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Fortunately, Ken and fellow guide Pablo decide they’ll paddle the can-


yon with our gear the following morning, leaving us to hike the portage and allowing me to get awesome bird’s eye photos of the canyon run. Ken and Pablo were halfway through the canyon when the sun finally came out and breathed new life into all of us.


After a week paddling together the six of us seemed like a strong team.


I even felt like I’d learned a bit. With just a handful of comparatively easy rapids left I almost ruined it all. My mind wandered. I didn’t notice the river increasing in intensity. At last, Ken’s frantic yells to paddle woke me from my dream-like state.


“WE COMPLETED THE WAVE TRAIN WITH OUR CANOE ALMOST ON ITS SIDE, GUNWALE


PARTIALLY SUBMERGED UNDER THE FROTHING WATER.”


I plunged my paddle ahead expecting the weight of water—instead, only


air. Searching for leverage with my blade, I leaned out over the gunwale, throwing the boat’s balance into chaos. On the verge of swamping, a mo- ment of unwelcome clarity reminded me of the thousands of dollars worth of camera gear hidden just under my spray skirt. “You stay in this damn boat,” Ken screamed at me. We completed the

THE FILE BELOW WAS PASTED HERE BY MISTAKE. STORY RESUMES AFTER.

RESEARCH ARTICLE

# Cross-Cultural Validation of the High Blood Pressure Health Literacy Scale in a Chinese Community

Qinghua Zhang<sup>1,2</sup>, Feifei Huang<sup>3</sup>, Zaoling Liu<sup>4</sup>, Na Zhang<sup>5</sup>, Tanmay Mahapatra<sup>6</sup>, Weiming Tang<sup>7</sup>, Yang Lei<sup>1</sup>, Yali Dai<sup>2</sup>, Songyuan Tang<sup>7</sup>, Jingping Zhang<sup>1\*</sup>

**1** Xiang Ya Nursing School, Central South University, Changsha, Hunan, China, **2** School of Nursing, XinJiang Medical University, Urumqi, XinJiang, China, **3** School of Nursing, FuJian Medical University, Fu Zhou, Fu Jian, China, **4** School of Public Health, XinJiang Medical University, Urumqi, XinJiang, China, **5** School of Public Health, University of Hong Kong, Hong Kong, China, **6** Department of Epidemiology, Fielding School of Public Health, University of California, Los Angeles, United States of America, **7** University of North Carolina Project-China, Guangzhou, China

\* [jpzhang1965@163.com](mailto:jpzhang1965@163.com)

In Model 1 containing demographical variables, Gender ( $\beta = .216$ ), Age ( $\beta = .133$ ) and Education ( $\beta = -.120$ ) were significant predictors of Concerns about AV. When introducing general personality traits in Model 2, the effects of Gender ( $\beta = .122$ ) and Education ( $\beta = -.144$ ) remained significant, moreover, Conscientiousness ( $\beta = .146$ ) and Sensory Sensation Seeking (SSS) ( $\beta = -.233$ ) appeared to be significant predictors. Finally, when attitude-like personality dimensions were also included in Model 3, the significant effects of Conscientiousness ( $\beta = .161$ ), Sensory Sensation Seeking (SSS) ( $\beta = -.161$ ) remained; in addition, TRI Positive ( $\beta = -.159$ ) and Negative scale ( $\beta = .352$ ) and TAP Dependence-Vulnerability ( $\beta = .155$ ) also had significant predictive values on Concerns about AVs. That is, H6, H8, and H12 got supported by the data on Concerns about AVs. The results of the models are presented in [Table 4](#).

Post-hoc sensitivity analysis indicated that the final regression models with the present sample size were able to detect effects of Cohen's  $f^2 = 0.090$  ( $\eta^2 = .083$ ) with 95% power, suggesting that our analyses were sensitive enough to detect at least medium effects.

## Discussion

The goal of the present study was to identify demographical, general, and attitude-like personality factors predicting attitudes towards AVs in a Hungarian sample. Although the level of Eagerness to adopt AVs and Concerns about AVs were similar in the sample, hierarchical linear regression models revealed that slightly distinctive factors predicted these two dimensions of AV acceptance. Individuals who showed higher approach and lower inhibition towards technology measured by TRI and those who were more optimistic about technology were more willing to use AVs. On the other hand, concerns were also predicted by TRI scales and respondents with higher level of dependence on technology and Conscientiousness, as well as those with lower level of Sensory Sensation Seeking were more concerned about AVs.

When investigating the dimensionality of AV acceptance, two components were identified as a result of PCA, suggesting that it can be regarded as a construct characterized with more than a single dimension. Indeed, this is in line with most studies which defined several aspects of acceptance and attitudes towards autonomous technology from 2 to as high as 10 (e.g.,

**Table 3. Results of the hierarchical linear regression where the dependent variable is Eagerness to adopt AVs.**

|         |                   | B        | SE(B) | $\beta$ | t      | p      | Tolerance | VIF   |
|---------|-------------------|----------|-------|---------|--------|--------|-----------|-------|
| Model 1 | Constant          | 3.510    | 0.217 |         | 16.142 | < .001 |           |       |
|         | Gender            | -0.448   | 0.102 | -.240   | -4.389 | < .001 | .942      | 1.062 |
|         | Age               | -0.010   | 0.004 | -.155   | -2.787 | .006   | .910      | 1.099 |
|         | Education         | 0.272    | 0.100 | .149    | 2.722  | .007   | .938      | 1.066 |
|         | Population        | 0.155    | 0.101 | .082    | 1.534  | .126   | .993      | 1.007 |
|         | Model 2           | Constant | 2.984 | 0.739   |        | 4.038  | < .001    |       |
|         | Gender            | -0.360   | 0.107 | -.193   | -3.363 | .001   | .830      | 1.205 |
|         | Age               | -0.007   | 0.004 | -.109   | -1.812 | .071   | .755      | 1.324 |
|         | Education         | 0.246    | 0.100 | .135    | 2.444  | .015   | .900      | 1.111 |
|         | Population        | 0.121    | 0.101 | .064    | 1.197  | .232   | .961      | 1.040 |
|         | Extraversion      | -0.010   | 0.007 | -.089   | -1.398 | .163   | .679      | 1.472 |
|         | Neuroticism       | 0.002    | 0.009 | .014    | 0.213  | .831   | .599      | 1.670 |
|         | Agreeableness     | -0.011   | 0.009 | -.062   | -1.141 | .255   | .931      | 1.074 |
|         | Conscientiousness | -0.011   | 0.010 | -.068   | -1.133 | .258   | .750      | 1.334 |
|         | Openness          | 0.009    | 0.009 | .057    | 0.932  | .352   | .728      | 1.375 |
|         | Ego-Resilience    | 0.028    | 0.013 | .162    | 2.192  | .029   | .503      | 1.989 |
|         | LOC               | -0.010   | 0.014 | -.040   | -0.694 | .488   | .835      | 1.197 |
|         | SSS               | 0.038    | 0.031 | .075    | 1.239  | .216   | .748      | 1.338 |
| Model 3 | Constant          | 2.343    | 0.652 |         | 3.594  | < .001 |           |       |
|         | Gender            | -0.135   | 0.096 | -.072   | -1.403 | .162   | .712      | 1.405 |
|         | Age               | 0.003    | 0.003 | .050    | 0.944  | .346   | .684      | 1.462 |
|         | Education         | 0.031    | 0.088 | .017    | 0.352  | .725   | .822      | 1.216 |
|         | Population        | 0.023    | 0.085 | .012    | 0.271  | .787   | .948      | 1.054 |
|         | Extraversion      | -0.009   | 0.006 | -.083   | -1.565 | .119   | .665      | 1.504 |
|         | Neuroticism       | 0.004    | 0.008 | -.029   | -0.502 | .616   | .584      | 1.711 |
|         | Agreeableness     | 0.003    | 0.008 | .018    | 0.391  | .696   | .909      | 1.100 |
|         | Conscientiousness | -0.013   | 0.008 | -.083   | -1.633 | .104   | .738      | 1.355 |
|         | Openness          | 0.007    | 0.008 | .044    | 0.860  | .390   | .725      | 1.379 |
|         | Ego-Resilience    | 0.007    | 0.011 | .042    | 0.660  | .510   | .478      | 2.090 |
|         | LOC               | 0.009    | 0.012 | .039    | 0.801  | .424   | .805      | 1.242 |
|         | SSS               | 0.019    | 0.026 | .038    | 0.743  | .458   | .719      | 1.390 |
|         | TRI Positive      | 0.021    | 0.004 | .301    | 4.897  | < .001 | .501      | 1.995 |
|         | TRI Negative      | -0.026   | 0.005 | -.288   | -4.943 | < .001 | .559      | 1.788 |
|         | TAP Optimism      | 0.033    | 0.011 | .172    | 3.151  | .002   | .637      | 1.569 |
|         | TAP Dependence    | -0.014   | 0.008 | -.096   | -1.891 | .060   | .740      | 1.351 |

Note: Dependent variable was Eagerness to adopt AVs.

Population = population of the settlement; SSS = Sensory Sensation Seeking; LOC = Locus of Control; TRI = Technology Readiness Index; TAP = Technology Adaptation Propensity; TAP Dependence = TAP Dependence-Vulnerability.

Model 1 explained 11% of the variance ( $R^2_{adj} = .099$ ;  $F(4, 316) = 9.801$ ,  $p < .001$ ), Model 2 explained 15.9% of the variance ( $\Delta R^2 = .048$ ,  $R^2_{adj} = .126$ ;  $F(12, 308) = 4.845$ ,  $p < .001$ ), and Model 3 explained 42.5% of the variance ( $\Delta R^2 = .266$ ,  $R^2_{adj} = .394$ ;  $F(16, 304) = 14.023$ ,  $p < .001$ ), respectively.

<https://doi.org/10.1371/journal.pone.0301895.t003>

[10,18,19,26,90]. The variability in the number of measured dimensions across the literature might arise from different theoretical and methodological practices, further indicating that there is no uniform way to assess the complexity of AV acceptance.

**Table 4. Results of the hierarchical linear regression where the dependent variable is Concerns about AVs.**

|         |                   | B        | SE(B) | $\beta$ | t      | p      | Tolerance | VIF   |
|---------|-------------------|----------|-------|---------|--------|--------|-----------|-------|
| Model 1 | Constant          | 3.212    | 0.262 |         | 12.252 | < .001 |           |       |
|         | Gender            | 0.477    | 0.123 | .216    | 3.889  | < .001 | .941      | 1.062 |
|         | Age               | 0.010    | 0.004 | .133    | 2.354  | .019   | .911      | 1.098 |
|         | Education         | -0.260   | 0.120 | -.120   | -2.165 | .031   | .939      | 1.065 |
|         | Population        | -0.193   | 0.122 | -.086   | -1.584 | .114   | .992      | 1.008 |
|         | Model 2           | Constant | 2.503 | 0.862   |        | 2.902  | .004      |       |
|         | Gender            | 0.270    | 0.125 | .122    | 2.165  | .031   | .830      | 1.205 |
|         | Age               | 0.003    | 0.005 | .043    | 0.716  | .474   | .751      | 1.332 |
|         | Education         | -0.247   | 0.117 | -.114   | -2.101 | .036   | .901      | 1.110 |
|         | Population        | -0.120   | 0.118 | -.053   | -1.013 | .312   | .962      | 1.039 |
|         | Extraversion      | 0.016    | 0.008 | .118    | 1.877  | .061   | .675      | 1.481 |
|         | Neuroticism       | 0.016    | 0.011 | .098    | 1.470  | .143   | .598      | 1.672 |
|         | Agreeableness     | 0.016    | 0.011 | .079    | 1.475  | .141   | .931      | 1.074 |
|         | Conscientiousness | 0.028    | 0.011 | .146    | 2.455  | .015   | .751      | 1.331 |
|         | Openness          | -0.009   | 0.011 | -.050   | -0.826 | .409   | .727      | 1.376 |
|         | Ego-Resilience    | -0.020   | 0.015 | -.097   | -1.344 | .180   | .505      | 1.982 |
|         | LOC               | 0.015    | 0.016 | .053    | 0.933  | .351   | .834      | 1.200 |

wave train with our canoe almost on its side, me barely hanging on, gun- wale partially submerged under the frothing water. Ken wasn’t impressed with our style. Later that day, we arrived at the confluence of the South Nahanni. It’s the


location of one of Bill Mason’s most famous paintings, titled “Confluence of the Nahanni.” From there it was an easy three-day float to Rabbitkettle Lake, where


we waited for our floatplane. Many people begin their Nahanni River ad- venture here, and Virginia Falls—at 300 feet tall it’s twice the height of Niagara Falls—is just a four-day paddle away. Around the camp stove that night Lyn deemed our mission a success—she was sure our team had gath- ered enough beta to make this tough little river safer and more accessible for future paddlers.


Seven months later, Parks Canada digitally published a 48-page guide-


book for would-be paddlers of the Little Nahanni River. I reviewed my copy in the comfort of my home. Towards the back, emblazed in 30-point font above a tandem canoe crashing through a wave, the text reads: “No place for rookies.” I think they’re talking about me.


After his career as an elite wrestler ended due to injury, Dustin Silvey bought a camera and started taking pictures of everything. He now works as a photo- journalist while completing a PhD in medicine.


46 | Canoeroots


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